Against the Prime Directive

By Illustration Credit: NASA and G. Bacon (STScI) [Public domain], via Wikimedia CommonsIn 1933, Konstantin Tsiolkovsky wrote, “people deny the presence of intelligent beings on the [other] planets of the universe” because “(i) if such beings exist they would have visited Earth, and (ii) if such civilizations existed then they would have given us some sign of their existence.” His answer to this argument against the belief in the existence of intelligent aliens is called the “zoo hypothesis.” It is the speculation that intelligent extraterrestrials are so much more advanced than we are that our healthy development requires being protected from knowledge of them, like zoo animals segregated from zoo patrons.

We are more familiar with the zoo hypothesis in the form of Star Trek‘s Prime Directive:

Nothing within these Articles Of Federation shall authorize the United Federation of Planets to intervene in matters which are essentially the domestic jurisdiction of any planetary social system or shall require the members to submit such matters to settlement under these Articles Of Federation. But this principle shall not prejudice the application of enforcement measures under Chapter VII.

Franz Joseph clearly adapted it from the United Nations Charter, Chapter I, Article 2, paragraph 7:

Nothing contained in the present Charter shall authorize the United Nations to intervene in matters which are essentially within the domestic jurisdiction of any state or shall require the Members to submit such matters to settlement under the present Charter; but this principle shall not prejudice the application of enforcement measures under Chapter VII of the United Nations Charter.

In the Star Trek universe, the Prime Directive is cited as prohibiting any contact with any alien civilization until that civilization is sufficiently advanced. However, it is also cited as prohibiting any interference in the development of that civilization. It is cited especially as prohibiting interference in the internal politics of another society, which means that any involvement with any civilization—even after first contact—must have the informed consent of its lawful leadership. Someone must decide when a civilization is ready to know about each technology, and the Prime Directive prohibits any disclosure until that civilization has established a sovereign to provide such consent.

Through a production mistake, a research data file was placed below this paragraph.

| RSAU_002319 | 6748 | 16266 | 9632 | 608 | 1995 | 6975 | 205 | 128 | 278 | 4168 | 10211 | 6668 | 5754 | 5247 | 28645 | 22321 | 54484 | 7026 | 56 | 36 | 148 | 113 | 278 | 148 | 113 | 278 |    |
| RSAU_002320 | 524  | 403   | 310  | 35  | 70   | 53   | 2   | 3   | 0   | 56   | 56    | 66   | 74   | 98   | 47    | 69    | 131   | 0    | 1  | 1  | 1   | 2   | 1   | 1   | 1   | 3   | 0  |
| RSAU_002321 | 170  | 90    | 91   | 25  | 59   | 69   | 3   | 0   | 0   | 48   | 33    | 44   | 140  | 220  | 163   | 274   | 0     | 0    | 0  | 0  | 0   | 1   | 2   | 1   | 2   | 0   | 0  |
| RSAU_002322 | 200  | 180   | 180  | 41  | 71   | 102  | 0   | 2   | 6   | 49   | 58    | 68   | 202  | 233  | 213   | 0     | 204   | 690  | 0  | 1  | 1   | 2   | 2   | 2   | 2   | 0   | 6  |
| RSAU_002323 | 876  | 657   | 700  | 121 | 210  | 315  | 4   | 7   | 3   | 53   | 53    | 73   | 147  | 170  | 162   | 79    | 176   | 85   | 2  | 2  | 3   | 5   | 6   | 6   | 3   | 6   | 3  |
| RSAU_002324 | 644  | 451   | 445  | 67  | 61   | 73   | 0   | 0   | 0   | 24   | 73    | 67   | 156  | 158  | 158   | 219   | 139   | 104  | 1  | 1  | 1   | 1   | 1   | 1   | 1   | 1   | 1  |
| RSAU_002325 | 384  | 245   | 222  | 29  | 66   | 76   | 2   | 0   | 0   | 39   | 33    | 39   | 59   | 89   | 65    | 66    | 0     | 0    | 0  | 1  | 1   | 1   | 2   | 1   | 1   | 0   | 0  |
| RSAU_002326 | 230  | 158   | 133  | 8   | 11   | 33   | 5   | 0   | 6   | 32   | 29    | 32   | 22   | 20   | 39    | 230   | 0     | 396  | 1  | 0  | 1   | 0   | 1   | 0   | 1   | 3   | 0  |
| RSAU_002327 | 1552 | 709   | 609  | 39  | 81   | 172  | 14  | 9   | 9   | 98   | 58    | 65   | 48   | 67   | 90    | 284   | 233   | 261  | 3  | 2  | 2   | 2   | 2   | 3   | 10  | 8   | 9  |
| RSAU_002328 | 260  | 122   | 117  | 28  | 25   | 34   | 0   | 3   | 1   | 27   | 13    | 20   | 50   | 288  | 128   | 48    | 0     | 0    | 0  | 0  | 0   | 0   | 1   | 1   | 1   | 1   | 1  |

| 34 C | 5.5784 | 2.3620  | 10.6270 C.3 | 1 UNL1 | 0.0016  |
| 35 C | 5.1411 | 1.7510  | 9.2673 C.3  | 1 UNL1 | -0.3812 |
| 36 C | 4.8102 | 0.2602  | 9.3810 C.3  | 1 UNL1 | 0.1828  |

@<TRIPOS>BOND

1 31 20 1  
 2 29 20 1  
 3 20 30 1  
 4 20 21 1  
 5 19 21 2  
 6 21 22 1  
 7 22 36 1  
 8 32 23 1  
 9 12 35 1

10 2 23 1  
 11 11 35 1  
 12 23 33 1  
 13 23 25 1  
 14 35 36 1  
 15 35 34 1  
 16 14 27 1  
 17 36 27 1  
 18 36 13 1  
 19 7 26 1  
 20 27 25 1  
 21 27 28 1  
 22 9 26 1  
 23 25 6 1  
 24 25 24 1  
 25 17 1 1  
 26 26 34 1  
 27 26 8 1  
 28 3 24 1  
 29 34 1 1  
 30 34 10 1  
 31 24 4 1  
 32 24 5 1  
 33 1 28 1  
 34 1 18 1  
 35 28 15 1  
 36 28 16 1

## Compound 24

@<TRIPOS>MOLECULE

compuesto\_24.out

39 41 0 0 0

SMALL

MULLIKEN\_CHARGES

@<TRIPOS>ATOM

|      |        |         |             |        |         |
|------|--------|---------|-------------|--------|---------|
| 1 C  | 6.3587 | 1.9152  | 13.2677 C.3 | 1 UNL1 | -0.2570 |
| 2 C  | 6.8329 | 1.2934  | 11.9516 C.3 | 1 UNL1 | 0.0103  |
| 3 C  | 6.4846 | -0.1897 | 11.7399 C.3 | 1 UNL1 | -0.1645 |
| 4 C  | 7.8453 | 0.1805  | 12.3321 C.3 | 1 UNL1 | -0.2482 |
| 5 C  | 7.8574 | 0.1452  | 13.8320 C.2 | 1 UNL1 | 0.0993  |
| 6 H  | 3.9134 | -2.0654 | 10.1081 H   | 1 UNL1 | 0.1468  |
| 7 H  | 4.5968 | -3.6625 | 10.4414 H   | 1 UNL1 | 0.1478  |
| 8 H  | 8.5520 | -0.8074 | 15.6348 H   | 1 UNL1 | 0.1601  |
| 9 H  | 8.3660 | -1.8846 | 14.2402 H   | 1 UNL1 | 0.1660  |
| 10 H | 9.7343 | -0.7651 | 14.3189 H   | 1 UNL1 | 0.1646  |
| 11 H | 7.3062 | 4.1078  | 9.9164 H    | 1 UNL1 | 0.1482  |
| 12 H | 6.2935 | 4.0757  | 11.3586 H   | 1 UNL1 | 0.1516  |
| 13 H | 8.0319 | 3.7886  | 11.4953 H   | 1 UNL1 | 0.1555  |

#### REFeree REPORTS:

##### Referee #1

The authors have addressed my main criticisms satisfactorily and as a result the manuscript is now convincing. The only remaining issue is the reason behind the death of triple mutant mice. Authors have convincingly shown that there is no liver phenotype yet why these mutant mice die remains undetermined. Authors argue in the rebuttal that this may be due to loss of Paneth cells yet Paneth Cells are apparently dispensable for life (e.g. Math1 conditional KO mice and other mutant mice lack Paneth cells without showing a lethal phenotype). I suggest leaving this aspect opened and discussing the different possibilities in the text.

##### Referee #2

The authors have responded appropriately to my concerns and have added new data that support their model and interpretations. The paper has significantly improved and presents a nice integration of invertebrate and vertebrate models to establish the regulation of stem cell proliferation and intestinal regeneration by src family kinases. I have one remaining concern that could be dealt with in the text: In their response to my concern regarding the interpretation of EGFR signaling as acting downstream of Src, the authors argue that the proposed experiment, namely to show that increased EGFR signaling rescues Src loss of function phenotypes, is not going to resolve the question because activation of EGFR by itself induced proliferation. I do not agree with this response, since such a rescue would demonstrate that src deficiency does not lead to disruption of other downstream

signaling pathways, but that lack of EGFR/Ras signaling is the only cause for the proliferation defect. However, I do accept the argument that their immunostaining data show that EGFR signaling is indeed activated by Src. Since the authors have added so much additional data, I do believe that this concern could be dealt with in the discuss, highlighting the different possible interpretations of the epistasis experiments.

Thus, the Prime Directive advanced by the writers of Star Trek goes beyond the simple zoo hypothesis to endorse hierarchical governance such that each civilization has a single point of contact analogous to the role consciousness plays in each individual person. Many fascinating plots have evolved from the tension that exists between requiring each civilization to achieve unity and requiring the universe to accept disunity (e.g. honoring the independence of civilizations). There are obvious analogies to tensions regarding consent under suspicion of mental illness and to tensions regarding the (imperfect) sovereignty of parents in families.

A Trekkie might bring awareness of these tensions to the topic of gun control and to a quote falsely attributed to Benjamin Franklin: “Democracy is two wolves and a lamb voting on what to have for lunch. Liberty is a well-armed lamb contesting the vote!” The quip seems to be evolving. Geoff Metcalf offers another version:

A Democracy: Three wolves and a sheep voting on dinner.

A Republic: The flock gets to vote for which wolves vote on dinner.

A Constitutional Republic: Voting on dinner is expressly forbidden, and the sheep are armed.

Federal Government: The means by which the sheep will be fooled into voting for a Democracy.

Freedom: Two very hungry wolves looking for dinner and finding a very well-informed and well-armed sheep.

I’d like to add to that:

Corporantia: Arms and legal process are both denied to anyone insufficiently informed to honor the necessary balance between predator and prey.

The quips poke fun at citizens and governments by comparing us to wolves and sheep, unable to master our own instincts and therefore unqualified to put forth any legitimate sovereign. Are humans really so lacking in self-awareness? Well…uh…yeah. Do you understand your brain well-enough to build someone else of equal intelligence? If not, then you are not self-aware. If you are not self-aware, then you are not a competent moral agent. Any democracy that you create would be illegitimate, like a nation of wolves and sheep.